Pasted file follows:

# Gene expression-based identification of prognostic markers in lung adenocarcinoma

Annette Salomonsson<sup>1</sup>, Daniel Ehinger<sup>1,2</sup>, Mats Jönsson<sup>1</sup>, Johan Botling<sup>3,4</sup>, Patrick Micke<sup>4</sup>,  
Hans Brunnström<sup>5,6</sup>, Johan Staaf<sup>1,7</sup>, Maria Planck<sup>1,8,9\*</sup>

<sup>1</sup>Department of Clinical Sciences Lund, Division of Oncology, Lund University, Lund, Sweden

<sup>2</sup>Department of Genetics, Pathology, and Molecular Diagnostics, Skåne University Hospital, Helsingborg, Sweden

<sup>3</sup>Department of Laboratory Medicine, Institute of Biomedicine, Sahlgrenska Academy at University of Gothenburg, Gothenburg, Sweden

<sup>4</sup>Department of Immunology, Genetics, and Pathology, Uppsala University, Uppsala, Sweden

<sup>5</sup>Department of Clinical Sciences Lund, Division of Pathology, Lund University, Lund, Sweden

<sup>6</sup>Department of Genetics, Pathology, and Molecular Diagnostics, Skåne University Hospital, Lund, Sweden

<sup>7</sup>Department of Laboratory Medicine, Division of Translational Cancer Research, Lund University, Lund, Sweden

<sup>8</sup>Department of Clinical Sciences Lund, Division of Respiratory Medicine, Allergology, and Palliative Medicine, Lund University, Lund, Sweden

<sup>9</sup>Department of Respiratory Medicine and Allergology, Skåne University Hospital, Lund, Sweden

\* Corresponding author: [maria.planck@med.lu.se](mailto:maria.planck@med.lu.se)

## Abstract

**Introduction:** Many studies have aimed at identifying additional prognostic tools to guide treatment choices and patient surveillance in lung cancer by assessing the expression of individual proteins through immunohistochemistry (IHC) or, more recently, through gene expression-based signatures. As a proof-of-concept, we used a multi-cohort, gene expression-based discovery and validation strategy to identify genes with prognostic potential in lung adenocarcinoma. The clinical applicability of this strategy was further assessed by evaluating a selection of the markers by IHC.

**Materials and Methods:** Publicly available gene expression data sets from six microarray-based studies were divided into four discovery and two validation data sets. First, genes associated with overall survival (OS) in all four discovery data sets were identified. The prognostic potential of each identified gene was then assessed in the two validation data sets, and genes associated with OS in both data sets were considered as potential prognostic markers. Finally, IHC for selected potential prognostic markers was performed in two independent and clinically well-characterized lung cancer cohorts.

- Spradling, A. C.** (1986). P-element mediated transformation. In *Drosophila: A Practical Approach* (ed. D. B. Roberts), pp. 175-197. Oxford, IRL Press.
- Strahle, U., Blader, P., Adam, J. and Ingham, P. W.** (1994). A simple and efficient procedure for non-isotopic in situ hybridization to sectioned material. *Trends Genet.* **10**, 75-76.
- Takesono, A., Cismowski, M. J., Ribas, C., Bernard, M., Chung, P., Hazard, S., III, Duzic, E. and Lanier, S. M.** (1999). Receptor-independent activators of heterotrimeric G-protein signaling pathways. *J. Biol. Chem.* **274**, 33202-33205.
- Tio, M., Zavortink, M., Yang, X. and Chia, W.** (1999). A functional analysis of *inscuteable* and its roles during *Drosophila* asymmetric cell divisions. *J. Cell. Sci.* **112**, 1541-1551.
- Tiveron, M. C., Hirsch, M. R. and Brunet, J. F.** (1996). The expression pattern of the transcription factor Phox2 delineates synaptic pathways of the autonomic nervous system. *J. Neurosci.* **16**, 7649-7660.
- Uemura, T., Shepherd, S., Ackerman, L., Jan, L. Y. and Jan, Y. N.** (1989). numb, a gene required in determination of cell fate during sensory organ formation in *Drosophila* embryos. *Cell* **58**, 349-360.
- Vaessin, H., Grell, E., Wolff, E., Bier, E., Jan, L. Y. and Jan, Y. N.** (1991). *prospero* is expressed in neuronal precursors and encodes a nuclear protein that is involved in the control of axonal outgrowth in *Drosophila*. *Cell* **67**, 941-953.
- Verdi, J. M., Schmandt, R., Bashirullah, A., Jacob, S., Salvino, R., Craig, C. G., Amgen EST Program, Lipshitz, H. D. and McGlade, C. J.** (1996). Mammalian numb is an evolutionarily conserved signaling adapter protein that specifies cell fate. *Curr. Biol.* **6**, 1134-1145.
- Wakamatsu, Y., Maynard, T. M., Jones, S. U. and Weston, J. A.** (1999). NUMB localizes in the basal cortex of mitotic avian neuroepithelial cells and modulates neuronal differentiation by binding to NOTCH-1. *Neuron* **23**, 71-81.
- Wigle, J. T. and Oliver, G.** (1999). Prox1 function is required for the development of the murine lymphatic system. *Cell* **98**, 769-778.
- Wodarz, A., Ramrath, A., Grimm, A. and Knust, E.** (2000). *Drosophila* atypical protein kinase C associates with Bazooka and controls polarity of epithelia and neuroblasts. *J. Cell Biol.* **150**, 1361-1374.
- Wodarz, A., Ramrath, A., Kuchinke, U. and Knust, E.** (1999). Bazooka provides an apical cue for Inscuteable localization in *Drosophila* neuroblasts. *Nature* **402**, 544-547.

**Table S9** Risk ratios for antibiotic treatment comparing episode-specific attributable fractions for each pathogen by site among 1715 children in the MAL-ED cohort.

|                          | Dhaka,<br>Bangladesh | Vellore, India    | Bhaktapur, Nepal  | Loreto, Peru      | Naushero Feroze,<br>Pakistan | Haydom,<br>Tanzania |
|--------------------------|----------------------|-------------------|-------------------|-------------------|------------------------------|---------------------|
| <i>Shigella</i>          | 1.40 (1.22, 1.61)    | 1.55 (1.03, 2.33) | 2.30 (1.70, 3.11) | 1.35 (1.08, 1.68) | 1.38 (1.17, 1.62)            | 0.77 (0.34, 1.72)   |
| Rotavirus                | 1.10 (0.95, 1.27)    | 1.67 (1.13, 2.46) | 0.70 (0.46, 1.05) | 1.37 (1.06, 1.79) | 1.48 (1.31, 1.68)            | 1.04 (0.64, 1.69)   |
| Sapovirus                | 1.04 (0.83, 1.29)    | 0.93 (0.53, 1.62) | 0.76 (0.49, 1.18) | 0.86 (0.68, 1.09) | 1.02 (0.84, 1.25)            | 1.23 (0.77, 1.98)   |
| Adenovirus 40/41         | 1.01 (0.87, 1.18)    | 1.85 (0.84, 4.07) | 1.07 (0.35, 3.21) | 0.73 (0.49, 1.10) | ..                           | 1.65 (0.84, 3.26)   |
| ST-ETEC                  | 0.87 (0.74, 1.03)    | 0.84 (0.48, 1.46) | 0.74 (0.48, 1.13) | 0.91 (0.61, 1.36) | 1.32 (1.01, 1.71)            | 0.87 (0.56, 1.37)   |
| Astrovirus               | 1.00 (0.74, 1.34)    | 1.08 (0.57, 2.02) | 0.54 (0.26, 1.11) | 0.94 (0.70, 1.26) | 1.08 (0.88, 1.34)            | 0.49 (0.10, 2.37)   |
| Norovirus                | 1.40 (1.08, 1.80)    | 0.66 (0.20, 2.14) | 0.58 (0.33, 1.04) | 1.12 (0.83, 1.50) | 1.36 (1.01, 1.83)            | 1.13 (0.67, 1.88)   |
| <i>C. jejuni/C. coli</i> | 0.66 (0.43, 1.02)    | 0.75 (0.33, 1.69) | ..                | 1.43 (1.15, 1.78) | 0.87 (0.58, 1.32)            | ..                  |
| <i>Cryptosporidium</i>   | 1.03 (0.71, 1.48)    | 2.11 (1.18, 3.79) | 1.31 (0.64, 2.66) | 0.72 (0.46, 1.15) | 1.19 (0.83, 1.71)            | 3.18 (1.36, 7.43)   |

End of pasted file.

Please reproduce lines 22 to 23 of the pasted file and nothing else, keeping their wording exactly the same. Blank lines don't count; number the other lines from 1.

- Uemura, T., Shepherd, S., Ackerman, L., Jan, L. Y. and Jan, Y. N.** (1989). numb, a gene required in determination of cell fate during sensory organ formation in *Drosophila* embryos. *Cell* **58**, 349-360.
- Vaessin, H., Grell, E., Wolff, E., Bier, E., Jan, L. Y. and Jan, Y. N.** (1991). *prospero* is expressed in neuronal precursors and encodes a nuclear protein that is involved in the control of axonal outgrowth in *Drosophila*. *Cell* **67**, 941-953.